ALBANY -- Hundreds of opponents of hydraulic fracturing in New York gathered outside the state Capitol on Monday to protest the controversial drilling technique proposed for the Marcellus Shale in the Southern Tier and other shale formations.
"It will fill our roads with fleets of diesel trucks, our fields and forests with diesel-powered compressors and our rural air with benzene ... and other carcinogenic vapors," said ecologist Sandra Steingraber, an author and a scholar-in-residence at Ithaca College. "It will release known carcinogens that are right now safely locked up in the geological strata -- cadmium, arsenic, lead and radiation."
Permits for high-volume hydraulic fracturing are on hold while the state Department of Environmental Conservation continues work on a second draft of its environmental impact study on the drilling technique. The report was supposed to be completed on or around June 1, with at least 30 days for public comment, but it will not be finished until late summer, said Michael Bopp, a spokesman for the agency.
The activists oppose hydrofracking, a drilling technique in which a mixture of sand, water and chemicals is used to break shale formations and release gas. They say the practice has "poisoned" water supplies in other parts of the country. People at the rally held hand-made signs with slogans like "Fooey on Fracking!" and "No Frackin' Way."
The protesters, who comprised public health, conservation, community and environmental groups, said Cuomo and the Legislature should not make the DEC rush to finish its environmental review and revised guidelines for how fracking would proceed in the state. After their rally, many of the protesters went to the Capitol to lobby their legislators, and others marched to the state Department of Environmental Conservation to urge officials to take more time to review fracking and its potential dangers.
Assemblywoman Barbara Lifton, D-Ithaca, said hydrofracking has polluted water and damaged people's health in other states, including Texas and Pennsylvania. New York has to take a stand against more drilling for fossil fuels, she said, eliciting cheers from the crowd.
Lifton encouraged protesters to urge their lawmakers to sign a letter she is drafting to Gov. Andrew Cuomo on hydrofracking. She is asking that the process for assessing hydrofracking's impact on the environment be stopped and a 30-day public comment period be held on issues that have been raised, such as what happens to wastewater.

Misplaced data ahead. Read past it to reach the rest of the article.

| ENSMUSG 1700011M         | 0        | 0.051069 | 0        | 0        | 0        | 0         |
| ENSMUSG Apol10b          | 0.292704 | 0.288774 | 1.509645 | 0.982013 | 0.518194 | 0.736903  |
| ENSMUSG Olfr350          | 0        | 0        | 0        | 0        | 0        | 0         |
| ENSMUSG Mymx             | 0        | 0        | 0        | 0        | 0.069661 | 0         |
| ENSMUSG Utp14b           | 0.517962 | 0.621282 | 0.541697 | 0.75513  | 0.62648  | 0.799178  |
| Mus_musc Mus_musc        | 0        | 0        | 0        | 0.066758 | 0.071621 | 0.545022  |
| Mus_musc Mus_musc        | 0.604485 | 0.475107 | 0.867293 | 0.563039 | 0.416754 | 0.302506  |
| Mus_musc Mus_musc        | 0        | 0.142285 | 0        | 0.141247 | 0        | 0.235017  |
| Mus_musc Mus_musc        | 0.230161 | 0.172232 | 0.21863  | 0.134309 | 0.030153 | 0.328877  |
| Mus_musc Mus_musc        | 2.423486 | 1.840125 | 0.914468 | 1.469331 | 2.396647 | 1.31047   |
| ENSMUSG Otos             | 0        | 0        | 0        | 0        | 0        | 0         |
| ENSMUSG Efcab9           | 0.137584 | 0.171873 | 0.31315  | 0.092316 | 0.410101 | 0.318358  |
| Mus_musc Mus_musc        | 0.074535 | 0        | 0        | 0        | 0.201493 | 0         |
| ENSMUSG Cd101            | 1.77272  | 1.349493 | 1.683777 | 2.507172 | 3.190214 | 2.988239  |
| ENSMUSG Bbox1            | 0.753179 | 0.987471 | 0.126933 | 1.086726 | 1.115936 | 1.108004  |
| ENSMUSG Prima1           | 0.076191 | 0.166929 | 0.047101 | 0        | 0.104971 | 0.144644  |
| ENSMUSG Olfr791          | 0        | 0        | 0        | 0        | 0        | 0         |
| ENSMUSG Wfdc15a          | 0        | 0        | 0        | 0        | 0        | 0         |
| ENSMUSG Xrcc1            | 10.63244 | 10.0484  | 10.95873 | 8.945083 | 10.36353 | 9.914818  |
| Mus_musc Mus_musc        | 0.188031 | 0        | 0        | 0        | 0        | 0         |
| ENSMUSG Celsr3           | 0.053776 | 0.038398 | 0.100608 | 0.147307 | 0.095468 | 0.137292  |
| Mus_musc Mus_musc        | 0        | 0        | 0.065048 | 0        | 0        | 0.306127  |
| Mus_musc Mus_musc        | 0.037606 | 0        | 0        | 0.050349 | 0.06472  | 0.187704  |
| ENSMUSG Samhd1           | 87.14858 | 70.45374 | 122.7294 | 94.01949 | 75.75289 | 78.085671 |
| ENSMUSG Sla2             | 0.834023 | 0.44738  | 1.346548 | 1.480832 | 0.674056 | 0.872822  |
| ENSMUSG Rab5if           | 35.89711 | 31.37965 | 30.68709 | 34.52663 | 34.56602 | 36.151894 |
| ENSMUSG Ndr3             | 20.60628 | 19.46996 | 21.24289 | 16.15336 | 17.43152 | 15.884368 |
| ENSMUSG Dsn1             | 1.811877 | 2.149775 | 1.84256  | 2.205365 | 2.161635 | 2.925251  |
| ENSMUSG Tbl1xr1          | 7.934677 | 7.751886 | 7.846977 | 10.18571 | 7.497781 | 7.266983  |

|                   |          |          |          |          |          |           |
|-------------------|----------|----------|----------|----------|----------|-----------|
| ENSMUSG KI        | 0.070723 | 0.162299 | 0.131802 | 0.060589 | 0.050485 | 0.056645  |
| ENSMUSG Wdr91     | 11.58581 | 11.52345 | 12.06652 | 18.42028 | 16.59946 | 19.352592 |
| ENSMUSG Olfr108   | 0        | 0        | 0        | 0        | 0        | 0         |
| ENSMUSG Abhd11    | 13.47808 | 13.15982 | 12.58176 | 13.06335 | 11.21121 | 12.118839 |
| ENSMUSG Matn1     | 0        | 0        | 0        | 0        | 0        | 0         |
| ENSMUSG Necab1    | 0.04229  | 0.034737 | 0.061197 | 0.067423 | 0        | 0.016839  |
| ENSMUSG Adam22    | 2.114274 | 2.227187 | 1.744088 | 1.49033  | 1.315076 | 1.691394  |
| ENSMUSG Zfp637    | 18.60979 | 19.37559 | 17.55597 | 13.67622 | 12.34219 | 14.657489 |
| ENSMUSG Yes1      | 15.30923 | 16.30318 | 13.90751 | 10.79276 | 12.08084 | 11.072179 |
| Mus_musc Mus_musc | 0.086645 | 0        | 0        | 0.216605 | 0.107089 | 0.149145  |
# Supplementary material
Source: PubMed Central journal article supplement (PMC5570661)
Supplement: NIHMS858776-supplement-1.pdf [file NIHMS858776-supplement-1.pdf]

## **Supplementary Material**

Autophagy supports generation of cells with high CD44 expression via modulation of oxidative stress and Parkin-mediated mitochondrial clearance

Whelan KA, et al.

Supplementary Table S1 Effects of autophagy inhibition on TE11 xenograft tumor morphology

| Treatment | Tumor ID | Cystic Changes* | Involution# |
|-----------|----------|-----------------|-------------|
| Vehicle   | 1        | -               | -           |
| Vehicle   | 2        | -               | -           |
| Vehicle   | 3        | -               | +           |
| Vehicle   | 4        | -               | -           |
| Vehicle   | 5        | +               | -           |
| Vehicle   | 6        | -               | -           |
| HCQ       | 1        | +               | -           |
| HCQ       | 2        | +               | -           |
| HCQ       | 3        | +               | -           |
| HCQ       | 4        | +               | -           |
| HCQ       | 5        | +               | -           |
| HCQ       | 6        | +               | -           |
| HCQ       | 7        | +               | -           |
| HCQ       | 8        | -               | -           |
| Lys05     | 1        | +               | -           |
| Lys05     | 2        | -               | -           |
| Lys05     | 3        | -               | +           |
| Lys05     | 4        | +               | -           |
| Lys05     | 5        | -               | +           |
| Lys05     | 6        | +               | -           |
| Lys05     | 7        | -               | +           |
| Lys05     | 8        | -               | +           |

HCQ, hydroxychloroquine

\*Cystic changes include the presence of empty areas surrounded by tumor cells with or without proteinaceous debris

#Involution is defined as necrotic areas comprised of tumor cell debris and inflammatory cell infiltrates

Meanwhile, the Independent Oil & Gas Association of New York, which represents more than 400 individuals and companies in the natural gas industry, is asking the governor and lawmakers to expedite the review of permits. The group, which sent letters to the governor and the Legislature, wants Cuomo to direct the DEC to finish its environmental impact study by July 1 and is asking lawmakers to reject any legislation that would delay natural gas development.
"Nearly three years have gone by since the state essentially halted the permitting of natural gas drilling in the Southern Tier," Brad Gill, executive director of the association, wrote in the letter. "During that time we have watched people, jobs, businesses and opportunity flee our state for Pennsylvania, Ohio and West Virginia, where those economies are rebounding strongly as a result of increased natural gas development."
The Department of Environmental Conservation has not accepted applications for permits since 2008.
A recent report from Common Cause/NY found that groups lobbying on two bills last year that would have placed a moratorium on hydrofracking spent about $3.6 million on the issue. The bulk of the money -- $2.87 million -- was for groups opposing the measures, and $725,643 was spent by supporters.
At Monday's rally, Assemblyman Brian Cavanaugh, D-Manhattan, said hydro-fracking is an issue for every part of the state. The process "promotes tremendous dangers, not only for our environment, not only for our drinking water, but for our economy and for every community."
Ann Guenther, 67, of New Paltz brought a life-sized fake skeleton to the rally. A sign around its neck said, "They said the water was safe."
Water is the one thing you can't mess around with, said Guenther, a naturalist. Besides environmental and health effects hydrofracking could lead to, it could negatively affect tourism in the state, she said.
"I worry about tourism. If we get known as a fracked state, who's going to want to come here?" she said.
The groups involved in Monday's event want several measures passed in the Legislature this year that relate to hydrofracking, including bills that would:
» Require the DEC to create regulations requiring the gas industry to disclose the chemicals in fracking fluids and ban the use of fluids that could harm people's health. Permits would be withheld until such regulations were developed.
» Set up home-rule zoning rules in addition to state regulations so communities can have a say in how towns and cities develop can have the power to oversee drilling as they do other industries.
» Require that all hazardous wastes produced by gas or oil facilities be considered hazardous for the purpose of transfer and treatment.
» Many of the rally organizers are sponsoring a media campaign, "New York Water Rangers," which includes radio, online and print advertisements that will